At Don’t Panic Labs, we strive to instill individuals with the mindset of “think like an engineer”. By this, we mean that developers should be thinking more than just how to write good code; they should be considering as many aspects as possible regarding their project. This could involve learning more about how their application will be used and about additional technologies that could be leveraged to make their application the best it can be.

But sometimes the excitement of starting a new project can get the best of us. The pent-up energy of knowing that a new project is beginning can occasionally make us leap before we look. Although enthusiasm is always a welcome trait, it can also lead to problems if time isn’t taken to fully understand the project.

For example, a Nebraska Global-sponsored Design Studio project for the 2010-2011 academic year was tasked to develop an interface that would be used to control office lights. Using technology from Z-Wave, the team set forth developing the system. However, they started to tackle this project without gaining a good understanding of the Z-Wave wireless protocol and hardware specifications. As a result, they ended up scrapping their first semester of work and started over. Since the team deemed the original architecture unmaintainable, they felt it would take less time to correctly build from scratch than attempt to fix what they had already built.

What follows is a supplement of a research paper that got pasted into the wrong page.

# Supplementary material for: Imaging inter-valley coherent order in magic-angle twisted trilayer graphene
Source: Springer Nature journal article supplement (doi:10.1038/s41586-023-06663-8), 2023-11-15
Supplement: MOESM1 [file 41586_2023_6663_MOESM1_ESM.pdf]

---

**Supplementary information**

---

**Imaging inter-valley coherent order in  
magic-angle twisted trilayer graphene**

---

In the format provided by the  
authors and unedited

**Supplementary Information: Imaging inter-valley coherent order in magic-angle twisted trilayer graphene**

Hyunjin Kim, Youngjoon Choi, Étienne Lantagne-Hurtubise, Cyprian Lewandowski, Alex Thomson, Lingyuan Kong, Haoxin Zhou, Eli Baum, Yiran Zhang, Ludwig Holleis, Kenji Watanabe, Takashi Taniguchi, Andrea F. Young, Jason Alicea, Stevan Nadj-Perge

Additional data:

On the flipside, learning early on what will and won’t work can save quite a bit of time by getting a project started in the right direction. A good example of this comes from one of our summer intern projects.

Geek Seeq is a project that is developing a software solution used to locate people within a designated area (like an office). Instead of walking around trying to find a specific person, this application will show you approximately where they can be located. At the beginning of the project, the team had to determine which type of receiver would be used to identify each individual.

They first looked at radio-frequency identification (RFID) tags, but found them to be too cost prohibitive. Next, they discussed using GPS tracking but quickly found out that line-of-sight to the satellites was impossible since this product is primarily for indoor use. Lastly, they investigated the use of Bluetooth technology. Since nearly every phone has a Bluetooth radio, the team felt they could leverage that existing hardware. That made Bluetooth the best choice.

This extra effort spent to get the facts around the project requirements can save time and energy. Plus, the added benefit of the knowledge gained during the research process may be useful down the road. No learning experience is a wasted experience.

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